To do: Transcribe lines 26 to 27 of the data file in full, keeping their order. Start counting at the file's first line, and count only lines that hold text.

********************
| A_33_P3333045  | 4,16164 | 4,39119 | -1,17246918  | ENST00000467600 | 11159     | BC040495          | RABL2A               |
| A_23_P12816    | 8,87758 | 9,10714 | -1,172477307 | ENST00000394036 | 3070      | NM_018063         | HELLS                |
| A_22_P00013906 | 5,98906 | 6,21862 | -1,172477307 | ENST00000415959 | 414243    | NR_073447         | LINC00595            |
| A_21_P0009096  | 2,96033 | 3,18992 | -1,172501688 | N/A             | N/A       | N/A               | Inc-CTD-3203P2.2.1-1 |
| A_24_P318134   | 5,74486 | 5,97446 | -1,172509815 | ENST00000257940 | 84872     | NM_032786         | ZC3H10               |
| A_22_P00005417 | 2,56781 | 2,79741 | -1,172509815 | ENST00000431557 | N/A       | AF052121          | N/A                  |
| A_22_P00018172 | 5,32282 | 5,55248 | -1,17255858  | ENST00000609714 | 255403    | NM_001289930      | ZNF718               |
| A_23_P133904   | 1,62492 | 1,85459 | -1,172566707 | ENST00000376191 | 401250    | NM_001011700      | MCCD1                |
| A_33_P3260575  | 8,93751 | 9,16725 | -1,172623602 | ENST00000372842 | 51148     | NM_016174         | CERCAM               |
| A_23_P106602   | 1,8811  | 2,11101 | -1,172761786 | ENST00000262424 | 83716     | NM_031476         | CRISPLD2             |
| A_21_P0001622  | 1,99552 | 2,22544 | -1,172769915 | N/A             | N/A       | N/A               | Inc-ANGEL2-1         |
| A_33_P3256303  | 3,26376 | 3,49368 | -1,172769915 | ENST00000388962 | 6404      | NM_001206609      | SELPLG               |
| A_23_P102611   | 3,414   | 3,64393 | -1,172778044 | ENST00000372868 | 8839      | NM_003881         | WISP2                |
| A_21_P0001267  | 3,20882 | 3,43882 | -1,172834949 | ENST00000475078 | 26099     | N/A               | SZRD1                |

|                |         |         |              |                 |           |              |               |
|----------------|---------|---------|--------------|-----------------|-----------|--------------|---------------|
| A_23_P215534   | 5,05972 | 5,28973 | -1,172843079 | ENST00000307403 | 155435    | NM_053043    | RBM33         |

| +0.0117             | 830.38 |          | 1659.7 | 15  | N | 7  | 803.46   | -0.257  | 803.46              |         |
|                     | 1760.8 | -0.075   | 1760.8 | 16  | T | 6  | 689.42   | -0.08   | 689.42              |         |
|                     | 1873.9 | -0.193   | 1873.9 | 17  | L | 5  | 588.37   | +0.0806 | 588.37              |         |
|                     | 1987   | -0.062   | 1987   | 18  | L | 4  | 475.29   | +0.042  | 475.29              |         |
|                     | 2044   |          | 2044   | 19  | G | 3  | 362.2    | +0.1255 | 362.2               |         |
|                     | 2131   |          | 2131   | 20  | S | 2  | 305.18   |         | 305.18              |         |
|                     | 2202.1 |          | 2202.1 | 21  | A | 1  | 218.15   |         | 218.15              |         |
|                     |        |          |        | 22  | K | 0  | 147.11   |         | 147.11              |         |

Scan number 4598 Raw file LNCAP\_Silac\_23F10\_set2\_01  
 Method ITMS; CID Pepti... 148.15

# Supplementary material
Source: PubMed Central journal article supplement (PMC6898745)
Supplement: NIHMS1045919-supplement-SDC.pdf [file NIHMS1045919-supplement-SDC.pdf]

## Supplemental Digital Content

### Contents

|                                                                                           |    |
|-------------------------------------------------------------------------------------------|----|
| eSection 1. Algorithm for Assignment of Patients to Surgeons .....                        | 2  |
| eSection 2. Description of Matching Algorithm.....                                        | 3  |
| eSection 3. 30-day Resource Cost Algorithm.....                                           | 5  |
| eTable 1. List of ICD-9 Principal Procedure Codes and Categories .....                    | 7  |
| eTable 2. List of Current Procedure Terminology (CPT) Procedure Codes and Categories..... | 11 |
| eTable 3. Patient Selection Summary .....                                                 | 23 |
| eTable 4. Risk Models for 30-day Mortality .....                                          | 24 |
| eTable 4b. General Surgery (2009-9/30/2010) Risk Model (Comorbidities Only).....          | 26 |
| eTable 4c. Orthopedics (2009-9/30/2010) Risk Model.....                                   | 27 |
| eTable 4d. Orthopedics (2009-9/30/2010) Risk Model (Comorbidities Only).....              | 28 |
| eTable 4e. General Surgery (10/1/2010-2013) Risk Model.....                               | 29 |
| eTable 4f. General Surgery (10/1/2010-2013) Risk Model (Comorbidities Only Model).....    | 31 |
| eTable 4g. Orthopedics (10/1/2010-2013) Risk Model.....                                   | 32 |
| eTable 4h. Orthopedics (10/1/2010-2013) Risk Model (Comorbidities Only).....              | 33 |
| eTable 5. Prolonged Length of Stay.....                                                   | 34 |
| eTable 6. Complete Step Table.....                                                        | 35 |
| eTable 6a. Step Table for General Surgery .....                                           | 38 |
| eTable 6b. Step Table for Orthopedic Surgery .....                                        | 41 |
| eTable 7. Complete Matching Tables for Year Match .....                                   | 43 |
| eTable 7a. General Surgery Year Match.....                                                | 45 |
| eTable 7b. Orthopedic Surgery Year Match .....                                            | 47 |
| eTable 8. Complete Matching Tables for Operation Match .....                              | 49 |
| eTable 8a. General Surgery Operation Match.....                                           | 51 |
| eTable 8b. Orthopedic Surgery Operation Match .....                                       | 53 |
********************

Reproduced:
Scan number 4598 Raw file LNCAP\_Silac\_23F10\_set2\_01  
 Method ITMS; CID Pepti... 148.15